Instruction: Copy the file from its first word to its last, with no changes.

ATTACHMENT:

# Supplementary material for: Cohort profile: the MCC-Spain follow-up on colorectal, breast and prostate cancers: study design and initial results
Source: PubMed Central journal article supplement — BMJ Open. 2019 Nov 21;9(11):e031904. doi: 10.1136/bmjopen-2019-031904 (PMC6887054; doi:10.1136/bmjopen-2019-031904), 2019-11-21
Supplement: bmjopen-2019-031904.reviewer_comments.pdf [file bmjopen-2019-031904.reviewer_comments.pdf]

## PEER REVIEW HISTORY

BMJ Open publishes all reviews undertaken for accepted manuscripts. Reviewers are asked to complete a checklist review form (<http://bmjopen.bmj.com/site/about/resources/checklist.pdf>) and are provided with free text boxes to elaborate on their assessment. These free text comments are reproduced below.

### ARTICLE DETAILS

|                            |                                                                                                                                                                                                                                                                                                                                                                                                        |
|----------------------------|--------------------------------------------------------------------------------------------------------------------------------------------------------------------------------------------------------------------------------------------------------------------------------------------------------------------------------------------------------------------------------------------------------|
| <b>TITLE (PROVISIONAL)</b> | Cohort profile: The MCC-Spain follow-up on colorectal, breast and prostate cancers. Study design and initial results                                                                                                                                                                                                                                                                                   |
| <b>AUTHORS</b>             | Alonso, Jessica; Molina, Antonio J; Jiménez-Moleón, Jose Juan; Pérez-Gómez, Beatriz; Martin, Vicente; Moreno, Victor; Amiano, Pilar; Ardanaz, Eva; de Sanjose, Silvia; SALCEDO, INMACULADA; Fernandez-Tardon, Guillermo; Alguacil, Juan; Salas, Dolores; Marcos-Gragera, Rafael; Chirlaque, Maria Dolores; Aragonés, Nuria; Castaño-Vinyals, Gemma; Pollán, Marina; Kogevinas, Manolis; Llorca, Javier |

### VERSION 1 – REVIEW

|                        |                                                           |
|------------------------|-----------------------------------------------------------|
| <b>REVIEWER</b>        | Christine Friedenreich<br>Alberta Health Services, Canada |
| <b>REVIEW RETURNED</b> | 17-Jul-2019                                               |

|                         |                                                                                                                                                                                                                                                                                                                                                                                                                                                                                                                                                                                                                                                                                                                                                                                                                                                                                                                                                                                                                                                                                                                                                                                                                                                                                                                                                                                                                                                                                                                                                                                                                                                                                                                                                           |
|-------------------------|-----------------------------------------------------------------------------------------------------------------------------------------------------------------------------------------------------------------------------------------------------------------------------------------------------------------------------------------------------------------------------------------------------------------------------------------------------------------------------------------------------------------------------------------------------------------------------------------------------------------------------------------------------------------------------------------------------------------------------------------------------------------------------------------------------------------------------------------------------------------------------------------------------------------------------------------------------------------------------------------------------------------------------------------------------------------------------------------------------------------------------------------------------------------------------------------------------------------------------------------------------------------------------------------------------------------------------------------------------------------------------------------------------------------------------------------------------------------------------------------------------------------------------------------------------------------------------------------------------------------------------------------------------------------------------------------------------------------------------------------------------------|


# Supplementary material for: Cohort profile: the MCC-Spain follow-up on colorectal, breast and prostate cancers: study design and initial results
Source: PubMed Central journal article supplement — BMJ Open. 2019 Nov 21;9(11):e031904. doi: 10.1136/bmjopen-2019-031904 (PMC6887054; doi:10.1136/bmjopen-2019-031904), 2019-11-21
Supplement: bmjopen-2019-031904.reviewer_comments.pdf [file bmjopen-2019-031904.reviewer_comments.pdf]

## PEER REVIEW HISTORY

BMJ Open publishes all reviews undertaken for accepted manuscripts. Reviewers are asked to complete a checklist review form (<http://bmjopen.bmj.com/site/about/resources/checklist.pdf>) and are provided with free text boxes to elaborate on their assessment. These free text comments are reproduced below.

### ARTICLE DETAILS

|                            |                                                                                                                                                                                                                                                                                                                                                                                                        |
|----------------------------|--------------------------------------------------------------------------------------------------------------------------------------------------------------------------------------------------------------------------------------------------------------------------------------------------------------------------------------------------------------------------------------------------------|
| <b>TITLE (PROVISIONAL)</b> | Cohort profile: The MCC-Spain follow-up on colorectal, breast and prostate cancers. Study design and initial results                                                                                                                                                                                                                                                                                   |
| <b>AUTHORS</b>             | Alonso, Jessica; Molina, Antonio J; Jiménez-Moleón, Jose Juan; Pérez-Gómez, Beatriz; Martin, Vicente; Moreno, Victor; Amiano, Pilar; Ardanaz, Eva; de Sanjose, Silvia; SALCEDO, INMACULADA; Fernandez-Tardon, Guillermo; Alguacil, Juan; Salas, Dolores; Marcos-Gragera, Rafael; Chirlaque, Maria Dolores; Aragonés, Nuria; Castaño-Vinyals, Gemma; Pollán, Marina; Kogevinas, Manolis; Llorca, Javier |

### VERSION 1 – REVIEW

|                        |                                                           |
|------------------------|-----------------------------------------------------------|
| <b>REVIEWER</b>        | Christine Friedenreich<br>Alberta Health Services, Canada |
| <b>REVIEW RETURNED</b> | 17-Jul-2019                                               |

|                         |                                                                                                                                                                                                                                                                                                                                                                                                                                                                                                                                                                                                                                                                                                                                                                                                                                                                                                                                                                                                                                                                                                                                                                                                                                                                                                                                                                                                                                                                                                                                                                                                                                                                                                                                                           |
|-------------------------|-----------------------------------------------------------------------------------------------------------------------------------------------------------------------------------------------------------------------------------------------------------------------------------------------------------------------------------------------------------------------------------------------------------------------------------------------------------------------------------------------------------------------------------------------------------------------------------------------------------------------------------------------------------------------------------------------------------------------------------------------------------------------------------------------------------------------------------------------------------------------------------------------------------------------------------------------------------------------------------------------------------------------------------------------------------------------------------------------------------------------------------------------------------------------------------------------------------------------------------------------------------------------------------------------------------------------------------------------------------------------------------------------------------------------------------------------------------------------------------------------------------------------------------------------------------------------------------------------------------------------------------------------------------------------------------------------------------------------------------------------------------|